One thing that struck me about it was that, while the first section on media archeology paid a lot of attention to hardware – keyboards, consoles, processors – that attention almost entirely disappeared in the later sections on games, art and special effects. A couple of the art pieces played on the materiality of computing, but most of the works on show were materialised mainly as screens and projections of various kinds. So a lot of the final effects relied on a sort of magic: your ‘projection’ as a shadow with huge wings; your ‘reflection’ with steam coming out of your eyes (that was weird). Not quite sure what to make of that: the conventions of the art exhibition kicking in? the complexity of the software and hardware (which was suggested by a film showing how the special effects of the film Gravity were made)? or maybe that for many, all that would be visible would be a big Apple Mac?
I just came across another take on the task of rendering digital imagery more material, more messy and more fallible. This is a photography project by Meggan Gould, reported by Wired magazine here. It’s volume 5 of a series of works called Surface Tension, and it’s simply called iPad.
What Meggan has done is wait for the screens of her family’s iPads to get all smeared and sticky with fingerprints, then scanned the screen and manipulated the image to remove the screen’s content. The result are images of what is usually completely invisible, and designed to be so, as Timo Arnell points out here: the touchscreen. The screen is made visible by the way that the images show only the traces of the taps and swipes of the fingers that have touched the screen: there’s no sign of the fingers themselves, or of the what the fingers were were getting the screen to show. No bodies and no content, these images are pure interface.
Except, of course, that they are themselves digital images, and there’s no sign on Meggan’s beautifully designed website that their viewers are in turn being invited to smear her images (and our screens). There’s an interesting double-play, then, in these images, in the way that they simultaneously challenge and reaffirm the immateriality of the touchscreen. Intriguing.
I doubt anyone really believes in the visions of future urban spaces that are offered to us in the digital visualisations of new urban developments. Nonetheless, there’s something strangely haunting about those visualisations when they start to look tattered and battered, dusty and faded, when they’re obscured by scaffolding and have other posters and signs stuck onto them. The glossy futures they picture look best on screens; once inserted into the urban spaces they are meant to show (the future of), their seductive gloss immediately starts to tarnish.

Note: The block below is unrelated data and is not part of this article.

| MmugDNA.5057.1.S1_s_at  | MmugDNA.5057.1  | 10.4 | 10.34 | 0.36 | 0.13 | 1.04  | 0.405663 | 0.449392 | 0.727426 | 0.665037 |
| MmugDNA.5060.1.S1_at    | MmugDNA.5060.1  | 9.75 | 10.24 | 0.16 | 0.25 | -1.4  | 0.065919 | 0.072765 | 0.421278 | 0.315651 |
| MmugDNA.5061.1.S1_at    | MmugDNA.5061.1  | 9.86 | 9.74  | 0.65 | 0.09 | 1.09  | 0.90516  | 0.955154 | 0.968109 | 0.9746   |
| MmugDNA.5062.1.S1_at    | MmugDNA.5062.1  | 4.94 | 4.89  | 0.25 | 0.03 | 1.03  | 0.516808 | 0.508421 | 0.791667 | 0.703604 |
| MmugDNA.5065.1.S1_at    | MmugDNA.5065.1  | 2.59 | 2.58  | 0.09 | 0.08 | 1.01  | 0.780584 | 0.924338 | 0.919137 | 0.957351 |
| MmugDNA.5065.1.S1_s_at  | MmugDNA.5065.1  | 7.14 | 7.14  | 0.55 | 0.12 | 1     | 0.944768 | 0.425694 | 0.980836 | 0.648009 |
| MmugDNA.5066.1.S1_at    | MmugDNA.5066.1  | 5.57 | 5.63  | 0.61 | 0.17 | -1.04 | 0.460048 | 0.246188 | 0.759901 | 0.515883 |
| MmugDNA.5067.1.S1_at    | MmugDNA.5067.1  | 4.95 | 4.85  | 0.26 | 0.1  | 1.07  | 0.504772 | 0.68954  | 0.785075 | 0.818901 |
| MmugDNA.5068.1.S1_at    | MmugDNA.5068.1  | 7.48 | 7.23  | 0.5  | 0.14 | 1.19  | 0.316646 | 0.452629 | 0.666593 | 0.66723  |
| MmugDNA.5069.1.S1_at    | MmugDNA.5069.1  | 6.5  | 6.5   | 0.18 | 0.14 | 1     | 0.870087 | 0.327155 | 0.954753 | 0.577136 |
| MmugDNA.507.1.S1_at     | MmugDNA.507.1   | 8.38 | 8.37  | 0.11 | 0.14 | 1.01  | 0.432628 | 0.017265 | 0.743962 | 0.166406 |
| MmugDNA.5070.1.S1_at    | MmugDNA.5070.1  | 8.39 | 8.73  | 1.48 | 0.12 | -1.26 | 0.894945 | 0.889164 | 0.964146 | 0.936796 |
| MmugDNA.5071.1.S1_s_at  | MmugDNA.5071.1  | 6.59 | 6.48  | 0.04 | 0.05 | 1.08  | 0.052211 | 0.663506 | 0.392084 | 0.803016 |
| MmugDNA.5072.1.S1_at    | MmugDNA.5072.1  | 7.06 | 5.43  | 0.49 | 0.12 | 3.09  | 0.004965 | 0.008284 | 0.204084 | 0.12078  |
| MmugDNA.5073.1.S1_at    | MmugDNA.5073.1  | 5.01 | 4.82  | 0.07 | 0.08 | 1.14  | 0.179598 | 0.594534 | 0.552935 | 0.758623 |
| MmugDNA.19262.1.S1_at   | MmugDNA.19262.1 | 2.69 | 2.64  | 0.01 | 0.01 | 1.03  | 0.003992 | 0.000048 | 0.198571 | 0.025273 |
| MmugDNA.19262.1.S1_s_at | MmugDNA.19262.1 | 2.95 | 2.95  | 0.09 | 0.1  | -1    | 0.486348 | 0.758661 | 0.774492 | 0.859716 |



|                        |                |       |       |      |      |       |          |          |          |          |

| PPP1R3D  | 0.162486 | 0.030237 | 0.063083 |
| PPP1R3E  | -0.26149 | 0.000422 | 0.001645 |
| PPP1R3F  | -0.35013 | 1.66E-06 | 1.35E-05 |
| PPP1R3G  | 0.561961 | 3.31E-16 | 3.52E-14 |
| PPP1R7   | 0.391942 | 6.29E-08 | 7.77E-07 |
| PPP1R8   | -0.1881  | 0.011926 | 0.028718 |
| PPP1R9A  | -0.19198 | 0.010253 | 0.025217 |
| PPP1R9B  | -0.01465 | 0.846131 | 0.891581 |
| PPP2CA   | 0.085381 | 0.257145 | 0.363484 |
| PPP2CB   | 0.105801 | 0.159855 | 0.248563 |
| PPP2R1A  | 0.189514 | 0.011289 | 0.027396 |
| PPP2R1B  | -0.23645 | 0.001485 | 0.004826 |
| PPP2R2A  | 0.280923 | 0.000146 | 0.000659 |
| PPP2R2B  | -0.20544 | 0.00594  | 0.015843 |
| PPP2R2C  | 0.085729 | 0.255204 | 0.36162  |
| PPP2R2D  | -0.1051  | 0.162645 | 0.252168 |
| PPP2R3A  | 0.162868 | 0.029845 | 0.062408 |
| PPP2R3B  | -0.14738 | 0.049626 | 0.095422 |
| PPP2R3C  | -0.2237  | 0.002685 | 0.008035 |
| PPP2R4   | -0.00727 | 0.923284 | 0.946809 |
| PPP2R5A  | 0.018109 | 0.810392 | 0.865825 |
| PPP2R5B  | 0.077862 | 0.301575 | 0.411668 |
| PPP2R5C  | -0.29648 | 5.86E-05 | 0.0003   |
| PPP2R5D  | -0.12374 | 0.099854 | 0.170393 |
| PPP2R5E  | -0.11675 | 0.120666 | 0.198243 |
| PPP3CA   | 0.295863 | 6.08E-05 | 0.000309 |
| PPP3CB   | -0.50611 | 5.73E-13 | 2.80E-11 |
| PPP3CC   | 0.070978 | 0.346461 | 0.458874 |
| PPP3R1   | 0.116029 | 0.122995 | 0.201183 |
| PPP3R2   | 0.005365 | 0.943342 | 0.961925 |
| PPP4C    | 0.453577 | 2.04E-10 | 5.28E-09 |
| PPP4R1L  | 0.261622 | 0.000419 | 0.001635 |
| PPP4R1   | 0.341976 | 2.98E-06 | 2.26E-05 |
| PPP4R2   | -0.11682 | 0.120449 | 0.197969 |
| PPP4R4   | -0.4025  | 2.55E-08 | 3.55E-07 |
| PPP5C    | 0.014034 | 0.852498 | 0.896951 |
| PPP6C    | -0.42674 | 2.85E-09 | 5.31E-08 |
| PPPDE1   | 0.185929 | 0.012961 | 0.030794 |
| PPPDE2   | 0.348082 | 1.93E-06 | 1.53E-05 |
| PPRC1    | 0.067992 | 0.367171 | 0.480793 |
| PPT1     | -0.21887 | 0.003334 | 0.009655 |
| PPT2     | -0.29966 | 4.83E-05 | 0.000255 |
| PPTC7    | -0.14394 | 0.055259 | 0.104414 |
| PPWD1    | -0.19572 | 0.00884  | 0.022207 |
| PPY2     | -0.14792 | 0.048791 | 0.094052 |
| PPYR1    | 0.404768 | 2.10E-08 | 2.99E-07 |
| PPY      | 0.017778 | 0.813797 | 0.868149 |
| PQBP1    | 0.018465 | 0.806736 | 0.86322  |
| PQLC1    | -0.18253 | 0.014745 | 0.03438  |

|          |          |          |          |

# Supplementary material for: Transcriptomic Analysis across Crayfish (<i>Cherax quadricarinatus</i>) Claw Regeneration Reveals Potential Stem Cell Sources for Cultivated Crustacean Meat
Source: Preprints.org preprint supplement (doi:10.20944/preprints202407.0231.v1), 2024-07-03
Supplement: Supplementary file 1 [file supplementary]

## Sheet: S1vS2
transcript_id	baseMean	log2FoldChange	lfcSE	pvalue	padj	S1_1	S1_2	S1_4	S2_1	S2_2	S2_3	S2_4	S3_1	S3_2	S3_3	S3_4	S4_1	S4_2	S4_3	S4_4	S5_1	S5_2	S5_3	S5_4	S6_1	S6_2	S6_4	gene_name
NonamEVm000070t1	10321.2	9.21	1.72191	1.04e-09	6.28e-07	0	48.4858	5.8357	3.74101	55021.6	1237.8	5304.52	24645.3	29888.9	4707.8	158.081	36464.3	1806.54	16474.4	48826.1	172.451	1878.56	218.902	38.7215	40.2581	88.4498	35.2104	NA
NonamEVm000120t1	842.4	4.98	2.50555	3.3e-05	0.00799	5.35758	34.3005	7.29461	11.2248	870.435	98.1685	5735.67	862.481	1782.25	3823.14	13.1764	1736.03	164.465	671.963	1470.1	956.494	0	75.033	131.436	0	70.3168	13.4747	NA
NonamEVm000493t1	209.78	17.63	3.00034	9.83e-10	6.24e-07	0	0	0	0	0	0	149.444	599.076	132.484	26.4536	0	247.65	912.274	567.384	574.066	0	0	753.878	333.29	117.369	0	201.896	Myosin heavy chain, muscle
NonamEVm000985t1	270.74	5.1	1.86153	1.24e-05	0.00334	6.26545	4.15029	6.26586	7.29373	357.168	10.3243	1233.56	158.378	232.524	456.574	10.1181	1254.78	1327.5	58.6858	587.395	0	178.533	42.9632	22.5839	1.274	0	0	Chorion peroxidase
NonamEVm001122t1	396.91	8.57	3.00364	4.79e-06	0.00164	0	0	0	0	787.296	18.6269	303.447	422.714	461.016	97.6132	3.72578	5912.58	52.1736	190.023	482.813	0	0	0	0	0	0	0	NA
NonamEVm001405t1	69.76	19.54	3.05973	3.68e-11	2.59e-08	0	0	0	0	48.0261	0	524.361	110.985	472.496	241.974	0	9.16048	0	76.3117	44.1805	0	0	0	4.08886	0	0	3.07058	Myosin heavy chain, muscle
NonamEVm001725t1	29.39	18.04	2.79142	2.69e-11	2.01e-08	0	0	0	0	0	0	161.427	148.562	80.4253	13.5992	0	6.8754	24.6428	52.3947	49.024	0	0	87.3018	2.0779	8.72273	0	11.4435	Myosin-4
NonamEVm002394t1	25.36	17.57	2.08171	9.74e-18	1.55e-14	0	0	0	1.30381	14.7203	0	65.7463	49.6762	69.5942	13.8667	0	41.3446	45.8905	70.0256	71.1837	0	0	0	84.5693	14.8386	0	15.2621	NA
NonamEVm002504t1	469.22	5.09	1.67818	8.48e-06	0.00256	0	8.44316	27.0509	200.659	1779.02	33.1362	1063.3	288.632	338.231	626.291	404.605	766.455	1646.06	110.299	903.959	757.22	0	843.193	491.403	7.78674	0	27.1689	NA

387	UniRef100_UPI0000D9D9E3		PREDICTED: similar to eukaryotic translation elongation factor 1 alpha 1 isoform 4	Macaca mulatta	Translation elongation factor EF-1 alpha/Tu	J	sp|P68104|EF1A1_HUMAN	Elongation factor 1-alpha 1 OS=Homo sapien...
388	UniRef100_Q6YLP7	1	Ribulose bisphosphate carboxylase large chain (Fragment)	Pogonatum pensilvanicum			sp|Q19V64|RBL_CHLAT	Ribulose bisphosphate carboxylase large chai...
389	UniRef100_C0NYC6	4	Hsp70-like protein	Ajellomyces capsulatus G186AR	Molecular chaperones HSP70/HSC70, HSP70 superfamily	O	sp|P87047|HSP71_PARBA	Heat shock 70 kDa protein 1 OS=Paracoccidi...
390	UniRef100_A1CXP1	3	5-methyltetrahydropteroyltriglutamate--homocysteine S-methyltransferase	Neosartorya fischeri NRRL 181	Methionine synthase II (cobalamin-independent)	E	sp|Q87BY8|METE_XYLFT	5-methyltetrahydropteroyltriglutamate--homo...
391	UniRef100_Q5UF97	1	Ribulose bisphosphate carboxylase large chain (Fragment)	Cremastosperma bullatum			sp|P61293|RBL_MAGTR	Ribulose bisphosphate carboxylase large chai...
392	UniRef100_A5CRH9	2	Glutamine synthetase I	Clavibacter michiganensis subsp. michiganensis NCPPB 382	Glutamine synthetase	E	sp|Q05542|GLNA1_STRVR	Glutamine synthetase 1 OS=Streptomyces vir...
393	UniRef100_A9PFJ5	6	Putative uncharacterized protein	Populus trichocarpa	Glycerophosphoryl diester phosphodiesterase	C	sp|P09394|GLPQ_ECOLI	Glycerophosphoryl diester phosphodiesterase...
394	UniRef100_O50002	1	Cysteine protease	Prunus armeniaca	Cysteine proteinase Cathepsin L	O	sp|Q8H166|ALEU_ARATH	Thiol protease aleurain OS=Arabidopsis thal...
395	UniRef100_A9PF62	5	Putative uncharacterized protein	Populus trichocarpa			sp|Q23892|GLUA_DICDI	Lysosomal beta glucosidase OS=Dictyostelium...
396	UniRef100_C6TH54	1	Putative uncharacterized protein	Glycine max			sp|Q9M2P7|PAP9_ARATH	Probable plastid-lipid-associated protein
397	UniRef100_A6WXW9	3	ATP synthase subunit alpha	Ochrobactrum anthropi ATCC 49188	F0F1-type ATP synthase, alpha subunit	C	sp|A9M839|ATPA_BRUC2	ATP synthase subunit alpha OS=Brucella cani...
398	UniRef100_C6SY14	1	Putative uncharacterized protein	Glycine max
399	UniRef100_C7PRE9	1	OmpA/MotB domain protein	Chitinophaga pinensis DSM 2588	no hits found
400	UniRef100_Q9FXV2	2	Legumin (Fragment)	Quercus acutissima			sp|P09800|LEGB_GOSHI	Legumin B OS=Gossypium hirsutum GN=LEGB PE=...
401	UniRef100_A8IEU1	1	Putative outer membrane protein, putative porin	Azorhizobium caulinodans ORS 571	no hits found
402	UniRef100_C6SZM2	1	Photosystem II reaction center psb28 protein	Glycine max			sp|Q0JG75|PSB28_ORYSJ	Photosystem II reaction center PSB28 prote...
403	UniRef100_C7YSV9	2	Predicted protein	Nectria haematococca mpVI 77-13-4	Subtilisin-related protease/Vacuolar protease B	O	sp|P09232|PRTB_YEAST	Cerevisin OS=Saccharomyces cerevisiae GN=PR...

I’ve already blogged about one artist who’s worked on the failure of these images to deliver their promise in the very spaces of their imagination: Randa Mirza and her project Beirutopia. Randa takes photographs of digital visualisations in actual urban spaces, and carefully includes signs of those spaces in her photograph – tatty roads and bashed-up cars, real bits of trees and cars and scooters – as well as photographing billboards with their images torn and sagging.
Now, thanks to Olga Smith, I’ve discovered another photographic project also working to disrupt the perfect finishes of those computer generated images. This one is by photographer Rut Blees Luxemburg, and was on show in London earlier this year. You can see some photographs of the installation here. They look in particular at CGIs of a project in London for a 300m high office block, now on hold, paused at seven storeys.
Olga has interviewed Rut about the project for Photomonitor. As Rut notes, “dust unmasks the fantasy of the CGI once it is placed in the public territories of the city. The CGI becomes hostage to the materiality of the city, which very quickly covers the images with dust, dirt, pollution. So the CGI’s smooth surface becomes stained”, and her images play with that staining, its materiality and also its temporality. And in the way many of them stare close up at the surface of the CGIs and play with how various kinds light fall on the CGIs in situ, they also strike me as emphasising the way the CGIs carry a certain theatricality: they provide a backdrop to the staging of urban life.
Rut’s work thus serves explores the specific materiality of these sorts of images when they appear in urban spaces – their placement, their lighting, their relation to the urban atmosphere – and suggests that in all these aspects, the visualisations, for all their embedding deep in the property markets of contemporary capitalism, are also oddly vulnerable.